Who is to say when a Bass is too big or too small unless you play it in perfect working order and then cut it down and test it again. When copying a pattern the wood will matter too, not just the shape.
The Bass I am having cut has had a long rest. The Top and Back are in great shape for it's age but the Ribs have seen better days. Most likely they shrunk a bit and cracked due to the tight grain, Figure and un-flexible tight grained Top. The fact that the Bass hasn't been played in almost 100 years proves that it needs something to get it going again. I think playability make a big difference unless you want to start a Museum.......
Agreed. If a bass is unplayable there isn't much point in restoring it the way it is. I am sure a good deal of the great master basses were cut down at some point.
I agree as well, if you can't play it, no one will hear if it sounds any good
My $.02: Yes, shape affects tone. IMHO, the upper and lower bouts need to be in reasonable proportion, approximately a 2:3 ratio. Basses which have really sloped shoulders, even those with a huge lower bout, rarely sound deep or even. Basses with very large c-bouts, or c-bouts that curve in deeply toward the center, also can result in a smaller sound. I think that's because the lengthwise top vibrations are interrupted. Also, basses with very sharp curves can sound tight because the structure becomes too strong and does not resonate well. A cello shape would be ideal for tone, but basses made that way are very difficult to get around. Keep in mind that a perfect shape will not result in good sound if the materials, arching, construction or varnish are not well-executed. Sometimes a bass with a shape that seems "wrong" sounds great anyway, due to some mysterious confluence of materials, dimensions and workmanship.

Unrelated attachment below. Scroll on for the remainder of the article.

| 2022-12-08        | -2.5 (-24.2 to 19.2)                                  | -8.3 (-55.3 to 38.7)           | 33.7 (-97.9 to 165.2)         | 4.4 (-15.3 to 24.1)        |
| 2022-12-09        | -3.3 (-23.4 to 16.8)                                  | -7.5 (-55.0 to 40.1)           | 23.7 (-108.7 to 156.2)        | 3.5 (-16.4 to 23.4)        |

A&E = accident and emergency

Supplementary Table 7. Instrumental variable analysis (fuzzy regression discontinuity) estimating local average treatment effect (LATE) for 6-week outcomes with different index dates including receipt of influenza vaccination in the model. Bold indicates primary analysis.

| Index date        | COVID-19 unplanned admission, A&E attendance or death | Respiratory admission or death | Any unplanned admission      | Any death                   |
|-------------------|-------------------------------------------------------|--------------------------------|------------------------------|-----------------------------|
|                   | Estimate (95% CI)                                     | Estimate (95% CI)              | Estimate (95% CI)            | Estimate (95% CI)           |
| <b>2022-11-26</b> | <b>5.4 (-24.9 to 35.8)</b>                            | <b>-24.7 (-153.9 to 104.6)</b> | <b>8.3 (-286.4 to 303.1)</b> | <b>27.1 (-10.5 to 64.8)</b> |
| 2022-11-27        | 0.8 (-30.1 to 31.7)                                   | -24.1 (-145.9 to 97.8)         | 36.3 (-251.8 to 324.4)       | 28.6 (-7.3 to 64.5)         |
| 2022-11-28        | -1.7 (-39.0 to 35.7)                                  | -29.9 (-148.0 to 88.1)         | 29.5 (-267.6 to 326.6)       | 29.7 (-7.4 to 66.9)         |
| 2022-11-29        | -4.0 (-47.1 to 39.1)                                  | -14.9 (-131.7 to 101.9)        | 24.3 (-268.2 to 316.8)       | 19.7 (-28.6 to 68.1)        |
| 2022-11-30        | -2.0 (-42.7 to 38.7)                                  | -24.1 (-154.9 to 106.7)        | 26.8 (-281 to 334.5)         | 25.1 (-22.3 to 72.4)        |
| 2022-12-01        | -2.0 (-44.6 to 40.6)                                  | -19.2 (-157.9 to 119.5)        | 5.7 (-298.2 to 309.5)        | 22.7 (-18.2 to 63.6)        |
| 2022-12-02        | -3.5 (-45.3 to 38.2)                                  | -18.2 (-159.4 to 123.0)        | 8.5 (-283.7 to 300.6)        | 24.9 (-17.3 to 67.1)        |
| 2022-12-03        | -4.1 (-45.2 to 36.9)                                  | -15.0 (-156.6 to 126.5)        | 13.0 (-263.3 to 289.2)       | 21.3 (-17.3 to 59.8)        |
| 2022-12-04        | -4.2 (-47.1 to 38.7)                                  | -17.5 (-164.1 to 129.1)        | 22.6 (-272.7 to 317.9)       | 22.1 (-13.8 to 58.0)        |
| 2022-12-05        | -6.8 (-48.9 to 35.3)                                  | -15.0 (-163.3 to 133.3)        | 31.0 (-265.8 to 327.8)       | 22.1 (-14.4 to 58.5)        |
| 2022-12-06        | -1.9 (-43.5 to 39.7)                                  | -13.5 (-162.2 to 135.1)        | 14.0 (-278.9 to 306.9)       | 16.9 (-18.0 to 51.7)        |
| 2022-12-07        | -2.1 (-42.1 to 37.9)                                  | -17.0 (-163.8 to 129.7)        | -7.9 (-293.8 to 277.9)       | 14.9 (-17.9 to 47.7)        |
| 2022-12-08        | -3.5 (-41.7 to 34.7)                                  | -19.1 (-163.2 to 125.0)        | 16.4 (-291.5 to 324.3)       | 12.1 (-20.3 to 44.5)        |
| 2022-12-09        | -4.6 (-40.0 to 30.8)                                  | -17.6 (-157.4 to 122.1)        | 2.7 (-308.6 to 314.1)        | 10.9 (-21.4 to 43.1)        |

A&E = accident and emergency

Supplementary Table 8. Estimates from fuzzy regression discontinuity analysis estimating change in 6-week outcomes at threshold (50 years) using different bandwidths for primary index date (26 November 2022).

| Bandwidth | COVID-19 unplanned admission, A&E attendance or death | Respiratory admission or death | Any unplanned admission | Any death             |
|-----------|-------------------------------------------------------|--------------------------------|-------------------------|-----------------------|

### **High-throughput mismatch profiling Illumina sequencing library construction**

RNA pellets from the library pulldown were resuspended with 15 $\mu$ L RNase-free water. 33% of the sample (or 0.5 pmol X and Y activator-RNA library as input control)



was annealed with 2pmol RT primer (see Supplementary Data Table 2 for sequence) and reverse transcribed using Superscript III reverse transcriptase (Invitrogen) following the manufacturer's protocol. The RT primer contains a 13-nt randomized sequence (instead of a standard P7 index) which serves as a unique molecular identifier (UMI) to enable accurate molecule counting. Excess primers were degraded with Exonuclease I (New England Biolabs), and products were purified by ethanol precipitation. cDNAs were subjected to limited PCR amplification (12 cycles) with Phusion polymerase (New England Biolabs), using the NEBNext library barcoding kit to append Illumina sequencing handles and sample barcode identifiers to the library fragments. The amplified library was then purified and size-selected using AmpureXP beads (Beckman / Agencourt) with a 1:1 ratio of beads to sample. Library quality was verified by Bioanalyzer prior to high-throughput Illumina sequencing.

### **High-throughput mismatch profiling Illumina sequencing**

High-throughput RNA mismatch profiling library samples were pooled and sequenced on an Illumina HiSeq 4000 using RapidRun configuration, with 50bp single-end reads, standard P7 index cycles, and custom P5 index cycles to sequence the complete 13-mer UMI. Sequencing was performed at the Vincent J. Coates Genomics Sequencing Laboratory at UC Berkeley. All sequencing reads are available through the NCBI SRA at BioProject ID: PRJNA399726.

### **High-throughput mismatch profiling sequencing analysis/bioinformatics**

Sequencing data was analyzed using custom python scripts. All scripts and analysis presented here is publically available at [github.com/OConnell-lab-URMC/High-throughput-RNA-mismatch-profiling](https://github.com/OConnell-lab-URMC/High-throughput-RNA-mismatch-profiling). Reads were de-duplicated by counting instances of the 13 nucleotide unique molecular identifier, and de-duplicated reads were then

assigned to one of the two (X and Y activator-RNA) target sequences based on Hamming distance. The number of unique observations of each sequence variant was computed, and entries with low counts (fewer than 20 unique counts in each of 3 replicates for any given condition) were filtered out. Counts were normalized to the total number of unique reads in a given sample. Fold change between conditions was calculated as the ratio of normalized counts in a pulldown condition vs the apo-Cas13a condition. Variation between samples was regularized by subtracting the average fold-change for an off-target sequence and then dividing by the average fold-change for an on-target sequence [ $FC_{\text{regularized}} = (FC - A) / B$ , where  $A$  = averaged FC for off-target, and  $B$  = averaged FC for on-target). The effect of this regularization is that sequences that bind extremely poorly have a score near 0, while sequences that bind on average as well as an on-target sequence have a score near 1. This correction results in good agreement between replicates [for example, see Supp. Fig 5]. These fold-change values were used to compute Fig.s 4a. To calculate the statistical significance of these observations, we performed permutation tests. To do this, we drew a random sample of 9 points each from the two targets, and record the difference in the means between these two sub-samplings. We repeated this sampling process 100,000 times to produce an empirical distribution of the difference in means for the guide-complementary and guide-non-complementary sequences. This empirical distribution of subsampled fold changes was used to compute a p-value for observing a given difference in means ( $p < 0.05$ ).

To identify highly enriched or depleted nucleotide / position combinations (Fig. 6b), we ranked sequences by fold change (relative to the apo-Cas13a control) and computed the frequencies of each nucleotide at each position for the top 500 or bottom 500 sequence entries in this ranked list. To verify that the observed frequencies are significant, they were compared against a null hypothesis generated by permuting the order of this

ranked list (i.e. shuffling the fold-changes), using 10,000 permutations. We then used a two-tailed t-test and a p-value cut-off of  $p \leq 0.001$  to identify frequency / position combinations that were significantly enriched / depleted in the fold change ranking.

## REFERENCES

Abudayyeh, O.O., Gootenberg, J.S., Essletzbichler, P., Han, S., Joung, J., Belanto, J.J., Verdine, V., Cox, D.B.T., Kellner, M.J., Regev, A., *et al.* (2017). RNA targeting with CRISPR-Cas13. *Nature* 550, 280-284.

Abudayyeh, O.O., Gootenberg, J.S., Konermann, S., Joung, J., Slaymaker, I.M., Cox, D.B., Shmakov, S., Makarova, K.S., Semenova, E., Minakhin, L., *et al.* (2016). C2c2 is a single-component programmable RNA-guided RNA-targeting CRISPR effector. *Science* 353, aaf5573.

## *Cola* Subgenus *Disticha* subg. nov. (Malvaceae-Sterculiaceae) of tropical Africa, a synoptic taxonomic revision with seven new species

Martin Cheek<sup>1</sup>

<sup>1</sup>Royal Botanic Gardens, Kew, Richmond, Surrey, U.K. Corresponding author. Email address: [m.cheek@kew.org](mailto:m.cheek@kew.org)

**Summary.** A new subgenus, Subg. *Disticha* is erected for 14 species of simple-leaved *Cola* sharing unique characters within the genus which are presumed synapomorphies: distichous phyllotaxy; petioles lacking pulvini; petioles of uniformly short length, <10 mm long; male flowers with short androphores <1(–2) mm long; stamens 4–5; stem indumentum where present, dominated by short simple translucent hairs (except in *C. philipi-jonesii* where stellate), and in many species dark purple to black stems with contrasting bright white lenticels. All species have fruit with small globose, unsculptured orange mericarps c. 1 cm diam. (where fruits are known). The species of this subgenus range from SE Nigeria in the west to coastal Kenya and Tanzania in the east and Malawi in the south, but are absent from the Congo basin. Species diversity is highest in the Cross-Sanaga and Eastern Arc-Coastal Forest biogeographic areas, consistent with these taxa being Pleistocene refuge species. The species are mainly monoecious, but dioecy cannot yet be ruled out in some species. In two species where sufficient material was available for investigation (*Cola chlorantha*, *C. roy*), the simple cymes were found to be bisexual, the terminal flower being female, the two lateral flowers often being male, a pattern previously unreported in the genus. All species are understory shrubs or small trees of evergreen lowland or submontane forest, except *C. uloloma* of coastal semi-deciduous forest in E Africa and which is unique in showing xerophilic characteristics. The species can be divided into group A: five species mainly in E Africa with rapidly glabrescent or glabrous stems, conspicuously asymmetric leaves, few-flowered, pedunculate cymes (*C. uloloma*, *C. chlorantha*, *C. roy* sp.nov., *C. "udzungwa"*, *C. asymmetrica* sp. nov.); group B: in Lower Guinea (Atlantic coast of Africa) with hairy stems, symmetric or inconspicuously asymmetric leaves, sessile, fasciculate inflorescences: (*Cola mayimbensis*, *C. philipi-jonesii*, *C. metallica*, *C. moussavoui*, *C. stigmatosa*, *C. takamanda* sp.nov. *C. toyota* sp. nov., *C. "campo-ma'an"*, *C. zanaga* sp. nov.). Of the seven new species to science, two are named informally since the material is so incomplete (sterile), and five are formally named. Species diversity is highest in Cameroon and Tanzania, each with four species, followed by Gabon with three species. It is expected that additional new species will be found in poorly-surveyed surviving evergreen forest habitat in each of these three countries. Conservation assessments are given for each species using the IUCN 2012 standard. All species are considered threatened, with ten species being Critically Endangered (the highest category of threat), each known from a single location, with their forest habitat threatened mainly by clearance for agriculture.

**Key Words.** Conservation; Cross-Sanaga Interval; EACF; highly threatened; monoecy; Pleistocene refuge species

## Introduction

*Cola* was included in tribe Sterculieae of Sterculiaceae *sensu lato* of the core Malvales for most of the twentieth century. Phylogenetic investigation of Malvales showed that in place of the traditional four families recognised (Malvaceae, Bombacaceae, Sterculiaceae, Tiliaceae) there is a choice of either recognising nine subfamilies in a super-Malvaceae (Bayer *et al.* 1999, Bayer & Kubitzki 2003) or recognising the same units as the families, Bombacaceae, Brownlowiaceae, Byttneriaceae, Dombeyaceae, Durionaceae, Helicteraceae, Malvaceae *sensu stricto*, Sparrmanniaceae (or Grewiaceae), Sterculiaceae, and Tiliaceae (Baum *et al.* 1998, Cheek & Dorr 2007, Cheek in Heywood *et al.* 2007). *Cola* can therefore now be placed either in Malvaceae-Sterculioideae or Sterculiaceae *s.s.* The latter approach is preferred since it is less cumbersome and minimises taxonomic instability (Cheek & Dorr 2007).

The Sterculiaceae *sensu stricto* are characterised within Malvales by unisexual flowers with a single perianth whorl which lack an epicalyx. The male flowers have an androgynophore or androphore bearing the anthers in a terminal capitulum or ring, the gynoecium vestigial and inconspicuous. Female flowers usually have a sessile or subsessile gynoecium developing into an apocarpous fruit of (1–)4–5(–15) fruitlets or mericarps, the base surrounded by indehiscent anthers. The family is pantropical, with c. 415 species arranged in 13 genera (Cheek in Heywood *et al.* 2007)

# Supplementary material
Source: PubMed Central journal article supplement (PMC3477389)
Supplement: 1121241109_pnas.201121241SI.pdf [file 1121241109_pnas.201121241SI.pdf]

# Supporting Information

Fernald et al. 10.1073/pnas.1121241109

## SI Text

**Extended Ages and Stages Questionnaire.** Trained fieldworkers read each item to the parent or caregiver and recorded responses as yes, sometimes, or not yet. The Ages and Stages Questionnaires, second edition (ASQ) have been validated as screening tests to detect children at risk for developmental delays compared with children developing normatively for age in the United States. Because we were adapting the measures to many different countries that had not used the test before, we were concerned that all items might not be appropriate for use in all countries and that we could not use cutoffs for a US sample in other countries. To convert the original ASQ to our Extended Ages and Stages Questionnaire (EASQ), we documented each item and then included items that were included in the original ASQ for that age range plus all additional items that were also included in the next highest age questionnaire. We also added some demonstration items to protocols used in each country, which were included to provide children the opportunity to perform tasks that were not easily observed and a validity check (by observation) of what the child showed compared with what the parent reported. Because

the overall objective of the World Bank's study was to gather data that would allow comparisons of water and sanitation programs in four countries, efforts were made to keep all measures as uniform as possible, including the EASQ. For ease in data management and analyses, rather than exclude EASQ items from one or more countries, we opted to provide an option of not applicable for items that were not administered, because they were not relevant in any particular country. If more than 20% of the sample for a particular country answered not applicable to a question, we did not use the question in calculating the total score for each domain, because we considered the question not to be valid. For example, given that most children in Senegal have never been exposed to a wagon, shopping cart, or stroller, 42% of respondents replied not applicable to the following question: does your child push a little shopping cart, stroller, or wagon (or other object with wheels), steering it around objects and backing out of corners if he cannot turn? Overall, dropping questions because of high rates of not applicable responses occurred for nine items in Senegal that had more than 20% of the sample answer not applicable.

I've always wondered about this. In the Lemur catalog, there's a Pollman bass called the "Alexandria", which I find very appealing to look at, as it has extremely narrow shoulders and a large lower bout. (don't know if this pic will work, but here goes nothing...) I always wondered how it might likely sound.
That pic doesn't really look like the one in the catalog, but it's sort of similar - if you have the cataolg, check out the "Alexandria" bass, and you'll see what I mean about the shoulders. In what way is that shape likely to affect the sound? Too thin? Too boomy? Too vague a question?
The Cello Shaped Basses I have owned as well as the larger Upper Bout Basses I owned and Played (both) always sounded bigger and better as Arnold Described. This includes my Gilkes, and Martini (although sloped at the top is fairly wide) and previously owned Bernadel, Barbe, Old 18th century Italian (but labelled Rivolta 1822), and... a Forster (cello model) and two Guads. I played in NY.
Although my Batchelder has a regular sized lower bout, the upper bout is bigger than usual and it sounds better than just about any Bass it's size I have come across.
I think it's worth a little extra playing effort to get a better sound. With a smaller sloped Bass there is nothing you can do to bring out the tone if it's not there to begin with.